by Will Randick
It’s hard to get away from Kanye West—he finds a way to put his hand in so many different forms of art. Kanye has a large influence on today’s music and fashion, but what about poetry? In Sarah Blake’s Mr. West, the subject is viewed from an angle that is both personal and public.
Blake’s book should not be mistaken for a biography of West, as the poems in the collection have far more reach than one person. Motherhood, religion, language, and the body are all central themes in these poems. Kanye’s deceased mother Donda is discussed with empathy by the speaker, who in many of the poems is a mother to be, looking to Donda for tips on motherhood.
There are a few moments where Kanye seems like a forced punchline to a poem, but the poems are at their best when the rap icon finds his way into the poems naturally. When there is a strong connection between the speaker and West, the poetry gleams as brightly as “Kanye’s Glow in the Dark tour. / It reminds me of my son’s bones, glowing white / in ultrasounds, in a more wretched darkness.” Blake’s themes of birth and race are subtly reflected in these lines.
Some of the best lines in the book are spoken by Kanye, as Blake recontextualizes West’s words to fit into her poems. In a poem titled “I No Longer Have to Look Up Dates Like Your Birthday, June 8, 1977,” Blake recounts West’s thirtieth birthday inside a Louis Vuitton store. The speaker describes who is present at the party and how the cakes spell the subject’s name wrong, but the moment with the greatest wonder is Mr. West’s: “I’m in my 20s as we speak right now, but at midnight, I’ll be 30. I’m / already 30 in Japan and London and everywhere else.” These lines seem to speak to the never-ending self awareness that Kanye possesses, as well as to the self-mythologizing he has created, that we all collectively create.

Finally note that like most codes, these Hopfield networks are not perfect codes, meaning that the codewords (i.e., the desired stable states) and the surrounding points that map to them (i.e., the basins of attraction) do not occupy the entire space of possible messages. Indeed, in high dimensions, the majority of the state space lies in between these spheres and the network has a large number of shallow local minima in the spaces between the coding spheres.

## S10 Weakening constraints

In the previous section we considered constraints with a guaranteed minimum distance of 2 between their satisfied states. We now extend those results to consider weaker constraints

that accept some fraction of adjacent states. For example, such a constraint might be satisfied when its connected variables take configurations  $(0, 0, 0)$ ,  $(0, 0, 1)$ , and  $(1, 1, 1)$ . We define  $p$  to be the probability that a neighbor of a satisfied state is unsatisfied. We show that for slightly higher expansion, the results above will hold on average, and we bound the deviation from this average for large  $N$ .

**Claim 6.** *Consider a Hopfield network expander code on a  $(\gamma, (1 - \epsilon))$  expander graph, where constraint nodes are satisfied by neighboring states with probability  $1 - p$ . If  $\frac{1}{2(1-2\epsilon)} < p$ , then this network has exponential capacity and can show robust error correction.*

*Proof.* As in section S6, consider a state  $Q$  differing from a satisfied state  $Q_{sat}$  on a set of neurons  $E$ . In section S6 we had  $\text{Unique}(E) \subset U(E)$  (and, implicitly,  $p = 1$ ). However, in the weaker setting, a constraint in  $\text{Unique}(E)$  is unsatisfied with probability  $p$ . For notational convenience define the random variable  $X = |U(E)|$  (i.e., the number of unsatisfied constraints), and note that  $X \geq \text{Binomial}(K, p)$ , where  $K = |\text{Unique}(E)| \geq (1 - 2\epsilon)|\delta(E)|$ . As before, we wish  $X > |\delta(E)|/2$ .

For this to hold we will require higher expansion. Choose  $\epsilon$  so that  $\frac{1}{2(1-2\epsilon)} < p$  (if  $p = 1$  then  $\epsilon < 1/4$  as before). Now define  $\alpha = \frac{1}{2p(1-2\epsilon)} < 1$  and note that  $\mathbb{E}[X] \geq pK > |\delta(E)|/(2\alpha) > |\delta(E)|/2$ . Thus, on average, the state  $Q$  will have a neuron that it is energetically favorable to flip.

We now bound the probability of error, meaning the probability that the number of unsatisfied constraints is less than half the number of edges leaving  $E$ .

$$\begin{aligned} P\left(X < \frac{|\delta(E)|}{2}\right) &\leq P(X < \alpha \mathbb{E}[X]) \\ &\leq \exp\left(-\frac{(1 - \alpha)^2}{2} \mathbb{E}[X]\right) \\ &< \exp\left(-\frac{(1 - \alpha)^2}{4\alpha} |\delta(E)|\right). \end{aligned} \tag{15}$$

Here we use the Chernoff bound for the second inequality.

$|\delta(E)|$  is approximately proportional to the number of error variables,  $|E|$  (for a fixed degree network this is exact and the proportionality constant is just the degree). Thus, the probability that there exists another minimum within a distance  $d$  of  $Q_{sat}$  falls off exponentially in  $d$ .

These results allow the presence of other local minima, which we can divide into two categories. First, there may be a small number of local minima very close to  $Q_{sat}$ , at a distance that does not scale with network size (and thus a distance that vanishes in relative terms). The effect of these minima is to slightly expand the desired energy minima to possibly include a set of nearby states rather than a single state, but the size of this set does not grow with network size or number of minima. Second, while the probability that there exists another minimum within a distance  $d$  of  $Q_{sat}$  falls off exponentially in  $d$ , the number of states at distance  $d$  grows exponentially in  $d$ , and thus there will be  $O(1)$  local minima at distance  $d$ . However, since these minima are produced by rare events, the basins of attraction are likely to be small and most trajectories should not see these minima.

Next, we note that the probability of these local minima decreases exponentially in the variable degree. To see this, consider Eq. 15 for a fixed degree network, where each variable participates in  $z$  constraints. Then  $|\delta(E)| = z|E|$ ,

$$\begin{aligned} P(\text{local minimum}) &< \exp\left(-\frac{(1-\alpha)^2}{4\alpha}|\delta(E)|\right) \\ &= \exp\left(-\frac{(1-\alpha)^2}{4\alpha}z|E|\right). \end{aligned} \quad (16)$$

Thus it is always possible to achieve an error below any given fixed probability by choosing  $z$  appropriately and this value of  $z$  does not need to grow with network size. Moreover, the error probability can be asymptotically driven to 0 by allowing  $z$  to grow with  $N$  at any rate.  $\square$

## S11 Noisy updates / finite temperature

Mr. West is at its most interesting when the speaker takes that larger than life self-mythologizing to a quiet moment of personal secrecy. Some of Blake’s lines feel whispered: “I’m afraid I will be a horrible mother because / I am a horrible woman.” This candor is touching amidst the book’s background of Rick Ross interviews, YouTube comments, and gold teeth.
Kanye is shown sympathy in the poems, but the speaker also embodies how hard it is to empathize with a celebrity one can barely see as a person. In “Jesus Walks,” named after Kanye’s early hit single, Blake’s speaker admits that there is so much distance between West and the rest of the world: “Kanye, if only I could write a poem for you and not about you.” It is difficult to relate to someone who is placed under the largest microscope, but Blake’s speaker seems far more concerned with the small microscopes put on domestic life. Her moments are a quiet contrast to the noise that surrounds West.
We all have our own versions of Kanye. My parents know him as the obnoxious rapper who interrupts award shows; I see him as the innovative voice of self-belief. Sarah Blake understands Kanye West as both a human and a concept, “half cannon, half ballet. / Half canonical, half prey.” West is to be taken seriously, and so is the poet writing about him.